September 15, 2019 #1 Local News, Information and Event Source for the Century City/Westwood areas.

E-Transit Not as Green as it Seems?

Recent study complicates understanding of e-scooters’ environmental impact.

By Kai McNamee

After taking Santa Monica and Los Angeles by storm, shared electric scooters were touted by many as a solution to the climate crisis. Bird and Lime, two of the largest producers of dockless e-scooters, both market their services as a way to reduce carbon emissions in urban settings. But a recent study published by researchers at North Carolina State University suggests that these devices aren’t as environmentally friendly as they might seem.

The study found the majority of the scooters’ greenhouse gas emissions — the chemicals responsible for global warming — come from the initial manufacture of scooters, and the vehicles people use to collect and distribute them during the charging process.

Jeremiah Johnson, a co-author of the study and Associate Professor at NC State, explained that the study analyzes the scooters’ “cradle to grave” impacts through a process called life cycle assessment. “The work that we do uses a tool called life cycle assessment to quantify environmental impacts, particularly to quantify hidden aspects of environmental impacts that might be a little bit less obvious,” Johnson said.

Johnson’s team found that the baseline electric scooter produces the equivalent of 202 grams of carbon dioxide per passenger-mile. This measurement accounts for the carbon dioxide emissions associated with the scooters’ manufacture, transport, collection and distribution. According to the Environmental Protection Agency, driving a typical automobile produces over 400 grams of carbon dioxide per mile.

While riding a scooter is significantly better for the environment than driving a car, surveys show that scooter use frequently replaces walking — in these cases, scooter use replaces a significantly greener mode of transit.

The researchers surveyed 61 riders in Wake County, North Carolina and analyzed survey data published by the Portland Bureau of Transportation to determine the replacement effects of shared scooters. The study reported that 49 percent of survey respondents would have biked or walked had e-scooters not been available, and 11 percent would have taken a public bus.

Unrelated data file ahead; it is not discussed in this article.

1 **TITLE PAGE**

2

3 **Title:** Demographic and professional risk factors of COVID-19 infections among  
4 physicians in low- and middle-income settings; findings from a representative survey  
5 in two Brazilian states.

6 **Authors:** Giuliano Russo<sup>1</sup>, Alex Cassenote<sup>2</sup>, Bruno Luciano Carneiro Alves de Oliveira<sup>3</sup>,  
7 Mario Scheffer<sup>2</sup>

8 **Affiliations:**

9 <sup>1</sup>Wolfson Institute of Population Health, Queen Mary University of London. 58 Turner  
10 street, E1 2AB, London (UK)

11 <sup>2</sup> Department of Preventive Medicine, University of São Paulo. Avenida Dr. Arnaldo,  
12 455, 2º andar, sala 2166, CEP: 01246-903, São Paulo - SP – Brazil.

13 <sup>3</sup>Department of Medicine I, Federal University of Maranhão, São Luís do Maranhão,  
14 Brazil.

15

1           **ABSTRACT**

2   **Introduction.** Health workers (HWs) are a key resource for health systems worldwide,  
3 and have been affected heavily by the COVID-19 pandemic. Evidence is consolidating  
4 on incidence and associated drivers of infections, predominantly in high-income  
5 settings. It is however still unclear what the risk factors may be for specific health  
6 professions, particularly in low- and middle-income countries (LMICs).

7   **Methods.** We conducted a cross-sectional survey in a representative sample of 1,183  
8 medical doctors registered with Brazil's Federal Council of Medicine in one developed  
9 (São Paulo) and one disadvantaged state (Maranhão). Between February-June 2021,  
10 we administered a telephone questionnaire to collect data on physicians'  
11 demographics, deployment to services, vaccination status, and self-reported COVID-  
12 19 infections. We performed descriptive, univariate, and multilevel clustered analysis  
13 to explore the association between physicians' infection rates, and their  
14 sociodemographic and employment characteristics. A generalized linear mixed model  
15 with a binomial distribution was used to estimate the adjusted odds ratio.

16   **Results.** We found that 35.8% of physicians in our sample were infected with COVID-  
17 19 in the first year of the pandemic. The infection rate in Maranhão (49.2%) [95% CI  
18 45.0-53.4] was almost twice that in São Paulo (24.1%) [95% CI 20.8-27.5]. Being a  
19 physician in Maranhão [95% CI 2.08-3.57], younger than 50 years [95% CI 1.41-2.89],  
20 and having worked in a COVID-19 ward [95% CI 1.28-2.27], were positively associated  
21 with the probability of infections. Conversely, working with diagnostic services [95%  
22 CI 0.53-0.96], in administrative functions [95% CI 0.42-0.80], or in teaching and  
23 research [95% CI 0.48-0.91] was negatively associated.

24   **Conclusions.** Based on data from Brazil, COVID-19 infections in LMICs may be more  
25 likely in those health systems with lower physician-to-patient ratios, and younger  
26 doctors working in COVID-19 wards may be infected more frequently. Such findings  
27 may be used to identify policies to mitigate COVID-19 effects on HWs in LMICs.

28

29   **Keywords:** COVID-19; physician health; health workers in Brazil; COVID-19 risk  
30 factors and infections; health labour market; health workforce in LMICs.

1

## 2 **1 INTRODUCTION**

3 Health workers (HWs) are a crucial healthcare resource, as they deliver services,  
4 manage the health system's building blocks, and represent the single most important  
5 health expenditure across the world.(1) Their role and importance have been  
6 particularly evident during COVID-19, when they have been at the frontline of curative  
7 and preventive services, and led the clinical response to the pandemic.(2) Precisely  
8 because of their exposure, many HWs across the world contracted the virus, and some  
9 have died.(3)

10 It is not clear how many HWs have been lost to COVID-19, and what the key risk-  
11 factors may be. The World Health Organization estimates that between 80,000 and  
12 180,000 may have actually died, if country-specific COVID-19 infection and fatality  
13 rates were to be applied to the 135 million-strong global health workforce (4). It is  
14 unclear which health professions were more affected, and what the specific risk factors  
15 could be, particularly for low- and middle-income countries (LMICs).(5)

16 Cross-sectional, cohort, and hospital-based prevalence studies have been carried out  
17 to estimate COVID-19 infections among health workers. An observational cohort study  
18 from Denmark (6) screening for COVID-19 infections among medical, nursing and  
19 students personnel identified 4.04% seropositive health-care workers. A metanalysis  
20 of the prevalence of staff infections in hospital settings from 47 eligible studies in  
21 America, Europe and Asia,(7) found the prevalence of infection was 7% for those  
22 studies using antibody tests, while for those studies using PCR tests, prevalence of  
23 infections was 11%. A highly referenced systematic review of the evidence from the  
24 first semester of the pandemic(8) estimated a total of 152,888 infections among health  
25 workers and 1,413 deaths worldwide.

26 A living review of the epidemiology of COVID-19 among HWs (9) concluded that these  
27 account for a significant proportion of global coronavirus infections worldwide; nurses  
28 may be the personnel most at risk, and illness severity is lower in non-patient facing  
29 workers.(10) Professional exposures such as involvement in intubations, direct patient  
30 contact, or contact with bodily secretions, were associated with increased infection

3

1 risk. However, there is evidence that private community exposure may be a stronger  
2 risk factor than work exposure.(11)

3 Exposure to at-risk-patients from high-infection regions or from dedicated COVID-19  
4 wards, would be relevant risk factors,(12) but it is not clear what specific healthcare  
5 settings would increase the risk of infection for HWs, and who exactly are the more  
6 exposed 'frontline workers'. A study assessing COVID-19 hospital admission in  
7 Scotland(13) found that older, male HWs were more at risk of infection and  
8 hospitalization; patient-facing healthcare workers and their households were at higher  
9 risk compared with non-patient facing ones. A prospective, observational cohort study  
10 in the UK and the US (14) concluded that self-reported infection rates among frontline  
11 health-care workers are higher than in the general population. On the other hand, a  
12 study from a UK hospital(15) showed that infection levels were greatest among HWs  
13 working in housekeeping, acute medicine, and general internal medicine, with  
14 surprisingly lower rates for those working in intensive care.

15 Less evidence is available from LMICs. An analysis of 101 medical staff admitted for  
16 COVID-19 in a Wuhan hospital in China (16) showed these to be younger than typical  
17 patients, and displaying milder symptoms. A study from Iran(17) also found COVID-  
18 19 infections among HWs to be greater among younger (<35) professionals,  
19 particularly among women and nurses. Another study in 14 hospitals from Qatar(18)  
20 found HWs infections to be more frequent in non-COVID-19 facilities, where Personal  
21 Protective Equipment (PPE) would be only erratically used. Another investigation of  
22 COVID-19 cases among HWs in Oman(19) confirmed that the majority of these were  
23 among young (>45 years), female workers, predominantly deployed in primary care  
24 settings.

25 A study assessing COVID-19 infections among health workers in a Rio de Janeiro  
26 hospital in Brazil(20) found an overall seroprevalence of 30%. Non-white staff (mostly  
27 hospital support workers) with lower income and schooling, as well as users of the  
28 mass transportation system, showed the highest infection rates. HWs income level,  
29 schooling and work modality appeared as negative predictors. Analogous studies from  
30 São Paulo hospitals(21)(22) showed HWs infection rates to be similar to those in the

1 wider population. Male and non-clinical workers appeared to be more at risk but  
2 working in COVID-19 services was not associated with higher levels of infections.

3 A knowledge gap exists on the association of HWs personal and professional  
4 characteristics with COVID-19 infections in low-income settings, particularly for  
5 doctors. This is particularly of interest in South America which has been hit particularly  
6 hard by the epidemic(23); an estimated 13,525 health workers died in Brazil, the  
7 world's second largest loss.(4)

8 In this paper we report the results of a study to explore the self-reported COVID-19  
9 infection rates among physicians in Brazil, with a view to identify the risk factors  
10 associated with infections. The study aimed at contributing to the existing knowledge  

In January, the City of Santa Monica conducted its own study, surveying approximately 3,000 scooter riders. The Santa Monica survey found 50 percent of scooter rides replaced a car trip, 37 percent of rides replaced walking, and 3.8 percent of rides replaced a bus trip.

“If you’re a user and one of your motivations for using the scooters is to reduce your environmental impact, the more you can substitute car rides with scooter rides the better,” Johnson said. “If you are displacing car rides, that is a clear environmental win. For users who are substituting walking and biking…the environmental argument is a little harder.”

Since Bird’s launch in 2017, the company has reported over ten million rides, claiming to have “prevented more than 12 million pounds of carbon emissions from being released into the air.” Lime has similarly tallied over ten million rides, reporting that 27 percent of those rides were to or from public transit hubs; in June alone, Lime boasted providing 15,000 free rides to help Europeans vote.